What do I do with all of them?
Do I just man up, so to speak, delete all of them, and accept that I will have to live my life without these small tokens of friendship and love? Do I forward them to my email address and keep them in a folder labeled “texts,” where they will rest forever in the warm, all-remembering bosom of Mother Gmail? Should I write them on 3x5 cards in a calligraphic script, purchase a vintage Rolodex or coupon box on eBay and store them chronologically in my home office?
And what is at stake here, exactly? Could I live without holding on to Abingdon, Virginia native Peter Morgan’s breathless text from November 4, 2008, announcing that Obama had Virginia “on lockdown”? Nate’s outraged all-caps missive from Louisville that his favorite downmarket neighborhood grocery store had renovated their meat coolers (“DO THEY THINK I COME HERE TO FIND THINGS CLEAN AND BRIGHTLY LIT”)? Herbach’s various songs of devotion over the years, sent to allay minor crises in life and work? Kissy-kissy, possibly tipsy mash notes from various romantic interests? Is living without these even a life at all?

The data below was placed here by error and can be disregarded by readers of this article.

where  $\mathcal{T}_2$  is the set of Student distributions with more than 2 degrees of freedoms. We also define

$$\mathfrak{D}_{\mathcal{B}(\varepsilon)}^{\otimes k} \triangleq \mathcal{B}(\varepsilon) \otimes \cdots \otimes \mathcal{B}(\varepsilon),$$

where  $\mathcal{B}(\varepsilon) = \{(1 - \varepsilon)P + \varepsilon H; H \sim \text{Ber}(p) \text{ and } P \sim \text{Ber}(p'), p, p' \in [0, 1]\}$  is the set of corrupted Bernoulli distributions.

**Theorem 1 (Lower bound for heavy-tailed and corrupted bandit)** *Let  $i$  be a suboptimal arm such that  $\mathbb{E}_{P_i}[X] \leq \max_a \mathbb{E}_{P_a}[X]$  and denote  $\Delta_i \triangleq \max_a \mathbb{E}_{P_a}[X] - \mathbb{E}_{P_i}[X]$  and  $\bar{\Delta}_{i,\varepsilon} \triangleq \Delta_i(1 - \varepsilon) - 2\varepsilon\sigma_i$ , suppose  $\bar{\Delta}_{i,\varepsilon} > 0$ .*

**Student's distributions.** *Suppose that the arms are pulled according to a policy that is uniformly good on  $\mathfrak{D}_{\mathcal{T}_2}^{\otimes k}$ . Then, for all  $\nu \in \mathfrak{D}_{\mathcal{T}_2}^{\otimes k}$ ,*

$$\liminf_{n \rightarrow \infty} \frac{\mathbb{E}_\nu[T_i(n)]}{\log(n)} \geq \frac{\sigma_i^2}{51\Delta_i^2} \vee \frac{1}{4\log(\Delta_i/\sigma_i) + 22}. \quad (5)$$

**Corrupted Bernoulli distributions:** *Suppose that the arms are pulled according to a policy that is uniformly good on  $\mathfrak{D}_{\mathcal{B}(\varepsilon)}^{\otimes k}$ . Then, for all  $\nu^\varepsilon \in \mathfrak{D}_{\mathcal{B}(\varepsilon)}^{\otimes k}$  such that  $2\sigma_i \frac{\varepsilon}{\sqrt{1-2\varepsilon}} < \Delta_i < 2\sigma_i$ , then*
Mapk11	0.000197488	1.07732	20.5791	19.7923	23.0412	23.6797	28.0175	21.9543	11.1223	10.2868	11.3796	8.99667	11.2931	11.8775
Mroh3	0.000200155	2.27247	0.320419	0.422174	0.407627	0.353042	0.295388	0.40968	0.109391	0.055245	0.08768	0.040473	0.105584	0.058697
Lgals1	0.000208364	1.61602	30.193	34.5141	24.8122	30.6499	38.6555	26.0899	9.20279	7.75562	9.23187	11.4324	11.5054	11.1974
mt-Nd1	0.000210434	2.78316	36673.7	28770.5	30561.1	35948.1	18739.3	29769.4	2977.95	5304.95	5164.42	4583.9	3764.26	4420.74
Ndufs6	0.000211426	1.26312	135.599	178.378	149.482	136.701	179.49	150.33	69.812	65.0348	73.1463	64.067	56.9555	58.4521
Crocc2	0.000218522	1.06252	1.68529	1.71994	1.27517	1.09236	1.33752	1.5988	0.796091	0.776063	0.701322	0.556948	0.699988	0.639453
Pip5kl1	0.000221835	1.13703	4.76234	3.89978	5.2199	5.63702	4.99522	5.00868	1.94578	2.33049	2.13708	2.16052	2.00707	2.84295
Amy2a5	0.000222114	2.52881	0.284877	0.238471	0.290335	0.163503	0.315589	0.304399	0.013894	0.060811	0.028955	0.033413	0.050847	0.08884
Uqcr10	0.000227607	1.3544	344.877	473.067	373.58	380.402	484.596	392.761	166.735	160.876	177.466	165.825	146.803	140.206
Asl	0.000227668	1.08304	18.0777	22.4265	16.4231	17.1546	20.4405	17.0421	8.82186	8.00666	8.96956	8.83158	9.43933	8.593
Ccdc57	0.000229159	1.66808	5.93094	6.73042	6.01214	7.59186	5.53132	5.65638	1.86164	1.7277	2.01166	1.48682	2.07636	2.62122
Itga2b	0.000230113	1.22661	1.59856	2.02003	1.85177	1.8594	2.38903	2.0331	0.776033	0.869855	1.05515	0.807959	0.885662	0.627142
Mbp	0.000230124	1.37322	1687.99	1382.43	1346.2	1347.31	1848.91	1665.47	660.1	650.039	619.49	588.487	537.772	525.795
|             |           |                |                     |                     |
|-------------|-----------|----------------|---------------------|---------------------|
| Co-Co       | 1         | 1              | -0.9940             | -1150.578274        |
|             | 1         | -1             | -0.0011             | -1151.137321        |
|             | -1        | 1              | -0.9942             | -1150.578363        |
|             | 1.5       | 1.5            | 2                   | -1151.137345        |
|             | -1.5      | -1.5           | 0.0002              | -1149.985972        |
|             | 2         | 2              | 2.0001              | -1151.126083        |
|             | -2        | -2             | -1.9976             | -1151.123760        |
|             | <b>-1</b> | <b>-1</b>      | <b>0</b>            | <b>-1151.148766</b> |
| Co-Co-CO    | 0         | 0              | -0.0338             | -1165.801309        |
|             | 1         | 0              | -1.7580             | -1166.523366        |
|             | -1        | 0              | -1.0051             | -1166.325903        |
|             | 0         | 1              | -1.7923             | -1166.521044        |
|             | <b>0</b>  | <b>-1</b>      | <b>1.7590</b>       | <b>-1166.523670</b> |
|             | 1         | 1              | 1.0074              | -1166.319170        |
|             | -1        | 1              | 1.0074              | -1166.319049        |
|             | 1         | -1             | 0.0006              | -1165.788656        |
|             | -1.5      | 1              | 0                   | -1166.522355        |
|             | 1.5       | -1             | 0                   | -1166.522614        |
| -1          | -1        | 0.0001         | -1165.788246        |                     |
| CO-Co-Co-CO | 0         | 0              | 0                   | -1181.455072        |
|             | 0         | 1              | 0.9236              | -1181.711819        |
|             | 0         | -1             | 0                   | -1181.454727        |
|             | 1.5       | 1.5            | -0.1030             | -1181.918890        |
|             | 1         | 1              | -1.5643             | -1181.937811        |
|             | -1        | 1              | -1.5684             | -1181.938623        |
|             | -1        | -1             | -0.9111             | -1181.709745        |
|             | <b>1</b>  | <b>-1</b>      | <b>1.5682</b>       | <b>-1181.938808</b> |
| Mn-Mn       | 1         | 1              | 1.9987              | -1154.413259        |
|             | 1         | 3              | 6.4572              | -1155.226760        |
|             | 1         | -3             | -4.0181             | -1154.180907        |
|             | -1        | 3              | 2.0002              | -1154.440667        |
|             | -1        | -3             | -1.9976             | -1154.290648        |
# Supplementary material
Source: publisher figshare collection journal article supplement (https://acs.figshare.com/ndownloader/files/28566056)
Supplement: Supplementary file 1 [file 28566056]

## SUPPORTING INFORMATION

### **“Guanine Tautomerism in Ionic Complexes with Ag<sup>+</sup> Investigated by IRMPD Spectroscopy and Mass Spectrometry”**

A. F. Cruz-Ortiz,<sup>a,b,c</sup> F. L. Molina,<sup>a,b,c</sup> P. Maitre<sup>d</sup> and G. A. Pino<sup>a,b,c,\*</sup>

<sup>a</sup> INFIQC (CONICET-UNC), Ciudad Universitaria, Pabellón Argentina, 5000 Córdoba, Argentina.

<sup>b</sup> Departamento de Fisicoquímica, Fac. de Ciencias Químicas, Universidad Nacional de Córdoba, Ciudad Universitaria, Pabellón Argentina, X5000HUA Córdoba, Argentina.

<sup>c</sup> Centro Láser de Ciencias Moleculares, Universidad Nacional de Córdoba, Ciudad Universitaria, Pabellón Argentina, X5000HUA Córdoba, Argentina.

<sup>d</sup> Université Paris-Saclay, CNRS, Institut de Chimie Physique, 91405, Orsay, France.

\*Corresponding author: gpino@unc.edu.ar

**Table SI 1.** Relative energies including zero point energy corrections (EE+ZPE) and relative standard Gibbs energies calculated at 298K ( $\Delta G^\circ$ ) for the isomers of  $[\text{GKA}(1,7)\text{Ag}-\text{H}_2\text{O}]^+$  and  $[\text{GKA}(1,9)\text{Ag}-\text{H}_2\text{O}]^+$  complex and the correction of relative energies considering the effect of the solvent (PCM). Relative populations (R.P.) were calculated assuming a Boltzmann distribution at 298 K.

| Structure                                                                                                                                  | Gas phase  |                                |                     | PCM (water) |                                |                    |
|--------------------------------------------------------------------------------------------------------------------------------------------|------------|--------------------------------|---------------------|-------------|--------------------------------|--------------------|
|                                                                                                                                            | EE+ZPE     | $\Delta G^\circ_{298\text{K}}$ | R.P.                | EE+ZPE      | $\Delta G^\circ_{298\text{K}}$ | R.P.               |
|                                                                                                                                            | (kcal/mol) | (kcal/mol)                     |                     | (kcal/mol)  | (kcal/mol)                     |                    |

I don’t have answers to these questions, reader. As our pal Stephanie recently pointed out, “”Imsa justa faarrrm boy.” Hyuck, hyuck! Like I said, I don’t have answers, but maybe you do. Comments section, post-haste!
26th October 09
Here is an excerpt from a reader’s (presumably negative) two-star customer review of Richard Brautigan’s Trout Fishing in America in
Arabic Farsi (thanks, Age of Dhool!). If anyone speaks Arabic Farsi, I would love to know what specifically is being singled out for criticism.